But the love of food, on that matter, there’s no question.    No matter what is going on, if I settle down to fresh eggs from our chickens or a delicious home-cooked meal, it invariably makes it better.

I love food, the process of making it, the magic of turning flour, water and yeast into the most delicious bread imaginable, the delight of mastering a new recipe, the joy of when someone says “More please!”.

Almost everything I do is surrounded by food.  Hence the regularity with which I exercise.  And also, while so many people around me focus their charitable dollars on medical research and other important things, for me, it’s making sure children and families eat.  All the places we can put our dollars matter, but for me, it’s the basics.

Without food, we cannot thrive.  Without food, our brains don’t develop or function correctly.  Food is a basic requirement of our survival, and so many lack it.  Food is literally right there with shelter, water and bathing.  It’s a basic building block for all of us.

Yesterday while talking to a neighbor I may never agree with politically, we both worried about famine as a result of our new reality.  Here.  Food is something we can all agree on –  we all need it.  In a polarized world, food may be a common ground we all can share.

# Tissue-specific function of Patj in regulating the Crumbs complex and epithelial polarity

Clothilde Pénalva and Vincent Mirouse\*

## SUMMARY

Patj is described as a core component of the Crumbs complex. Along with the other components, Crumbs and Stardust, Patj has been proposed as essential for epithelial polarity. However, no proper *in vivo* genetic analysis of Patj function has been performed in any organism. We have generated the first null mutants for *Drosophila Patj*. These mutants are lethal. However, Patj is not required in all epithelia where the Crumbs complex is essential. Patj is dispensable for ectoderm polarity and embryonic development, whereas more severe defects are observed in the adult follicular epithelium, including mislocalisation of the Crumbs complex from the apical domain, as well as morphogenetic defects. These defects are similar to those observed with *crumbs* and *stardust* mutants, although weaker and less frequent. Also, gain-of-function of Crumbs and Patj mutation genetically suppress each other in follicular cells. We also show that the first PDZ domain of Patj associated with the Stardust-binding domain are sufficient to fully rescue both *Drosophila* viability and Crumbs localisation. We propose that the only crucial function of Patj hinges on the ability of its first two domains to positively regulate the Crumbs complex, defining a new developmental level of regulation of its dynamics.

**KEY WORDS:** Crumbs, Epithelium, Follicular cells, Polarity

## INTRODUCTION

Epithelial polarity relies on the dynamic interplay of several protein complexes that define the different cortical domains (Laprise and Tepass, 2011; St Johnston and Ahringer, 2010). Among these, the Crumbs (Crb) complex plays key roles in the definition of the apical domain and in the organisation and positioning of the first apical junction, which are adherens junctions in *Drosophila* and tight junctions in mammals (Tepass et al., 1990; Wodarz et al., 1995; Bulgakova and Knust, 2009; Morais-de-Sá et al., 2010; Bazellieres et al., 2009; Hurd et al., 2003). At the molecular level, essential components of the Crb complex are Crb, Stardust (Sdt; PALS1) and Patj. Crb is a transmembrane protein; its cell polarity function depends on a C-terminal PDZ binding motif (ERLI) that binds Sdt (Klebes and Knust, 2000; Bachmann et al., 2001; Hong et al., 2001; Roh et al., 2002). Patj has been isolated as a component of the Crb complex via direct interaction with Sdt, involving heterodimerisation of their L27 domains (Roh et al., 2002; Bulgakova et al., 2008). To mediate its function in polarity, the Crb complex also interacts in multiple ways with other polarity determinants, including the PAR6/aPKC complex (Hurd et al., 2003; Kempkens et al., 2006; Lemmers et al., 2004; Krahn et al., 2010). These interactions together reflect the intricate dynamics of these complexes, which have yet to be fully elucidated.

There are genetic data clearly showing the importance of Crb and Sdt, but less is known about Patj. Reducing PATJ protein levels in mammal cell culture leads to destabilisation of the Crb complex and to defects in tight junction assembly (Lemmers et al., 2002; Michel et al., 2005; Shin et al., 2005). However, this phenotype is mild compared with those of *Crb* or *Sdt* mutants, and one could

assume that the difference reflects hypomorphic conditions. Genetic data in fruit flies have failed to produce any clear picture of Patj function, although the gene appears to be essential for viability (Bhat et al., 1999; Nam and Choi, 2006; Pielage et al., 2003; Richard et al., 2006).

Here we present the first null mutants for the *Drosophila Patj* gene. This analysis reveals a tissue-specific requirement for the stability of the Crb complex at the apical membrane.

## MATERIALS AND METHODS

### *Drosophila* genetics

It’s also why I’m endlessly driven to the garden, to find yet another local food source, to source from another local farm.  Because as much as I love the grocery store, and oh,  I do, I also know our food chain is fragile, dependent on shipping, low-paid workers, and the continuation of farms that we need but seem, as a society, not to value nearly enough.  For those of us who can, diverting our food dollars – even a few more than we usually spend, to local food makes a huge difference.  It ensures a safer food supply – Tyson doesn’t need your dollars, but these guys do.  Find someone near you at LocalHarvest.org.  So does Onemightymill.com, who grinds wheat in Lynn, MA, right down the road from me.  And WaldenLocalMeat.comhas been supplying our meet for 6 months now.  It’s honestly some of the best meat we’ve ever had.  That Beef Burgundy?  Made from there, with the produce mostly from our Misfits Market box.  I love my MisfitsMarket.com box – they rescue organic produce that the grocery stores think looks too imperfect to sell.  We use them in the winter now, while our CSA and garden aren’t producing.  While it isn’t as local as I would like, it’s preventing food waste, and they are trying to add SNAP to their list of ways to pay.  I like a company with morals like that.